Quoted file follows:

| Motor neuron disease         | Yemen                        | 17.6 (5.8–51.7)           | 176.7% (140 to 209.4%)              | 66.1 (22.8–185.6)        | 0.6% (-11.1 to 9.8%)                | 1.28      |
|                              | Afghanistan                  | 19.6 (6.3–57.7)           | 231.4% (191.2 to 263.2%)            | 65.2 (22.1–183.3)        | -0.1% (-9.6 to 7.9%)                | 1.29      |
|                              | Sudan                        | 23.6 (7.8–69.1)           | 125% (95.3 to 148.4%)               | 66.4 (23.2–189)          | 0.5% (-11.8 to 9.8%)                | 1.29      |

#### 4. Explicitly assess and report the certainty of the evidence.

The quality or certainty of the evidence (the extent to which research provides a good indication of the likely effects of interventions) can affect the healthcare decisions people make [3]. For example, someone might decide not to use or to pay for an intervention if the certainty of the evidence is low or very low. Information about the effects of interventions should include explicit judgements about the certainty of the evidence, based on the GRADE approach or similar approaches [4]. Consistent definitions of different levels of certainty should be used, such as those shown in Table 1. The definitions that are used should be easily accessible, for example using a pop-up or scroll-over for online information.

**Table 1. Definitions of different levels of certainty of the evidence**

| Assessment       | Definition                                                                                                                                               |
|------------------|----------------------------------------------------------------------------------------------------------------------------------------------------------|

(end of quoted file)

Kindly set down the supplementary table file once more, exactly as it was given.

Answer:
| Motor neuron disease         | Yemen                        | 17.6 (5.8–51.7)           | 176.7% (140 to 209.4%)              | 66.1 (22.8–185.6)        | 0.6% (-11.1 to 9.8%)                | 1.28      |
|                              | Afghanistan                  | 19.6 (6.3–57.7)           | 231.4% (191.2 to 263.2%)            | 65.2 (22.1–183.3)        | -0.1% (-9.6 to 7.9%)                | 1.29      |
|                              | Sudan                        | 23.6 (7.8–69.1)           | 125% (95.3 to 148.4%)               | 66.4 (23.2–189)          | 0.5% (-11.8 to 9.8%)                | 1.29      |

#### 4. Explicitly assess and report the certainty of the evidence.

The quality or certainty of the evidence (the extent to which research provides a good indication of the likely effects of interventions) can affect the healthcare decisions people make [3]. For example, someone might decide not to use or to pay for an intervention if the certainty of the evidence is low or very low. Information about the effects of interventions should include explicit judgements about the certainty of the evidence, based on the GRADE approach or similar approaches [4]. Consistent definitions of different levels of certainty should be used, such as those shown in Table 1. The definitions that are used should be easily accessible, for example using a pop-up or scroll-over for online information.

**Table 1. Definitions of different levels of certainty of the evidence**

| Assessment       | Definition                                                                                                                                               |
|------------------|----------------------------------------------------------------------------------------------------------------------------------------------------------|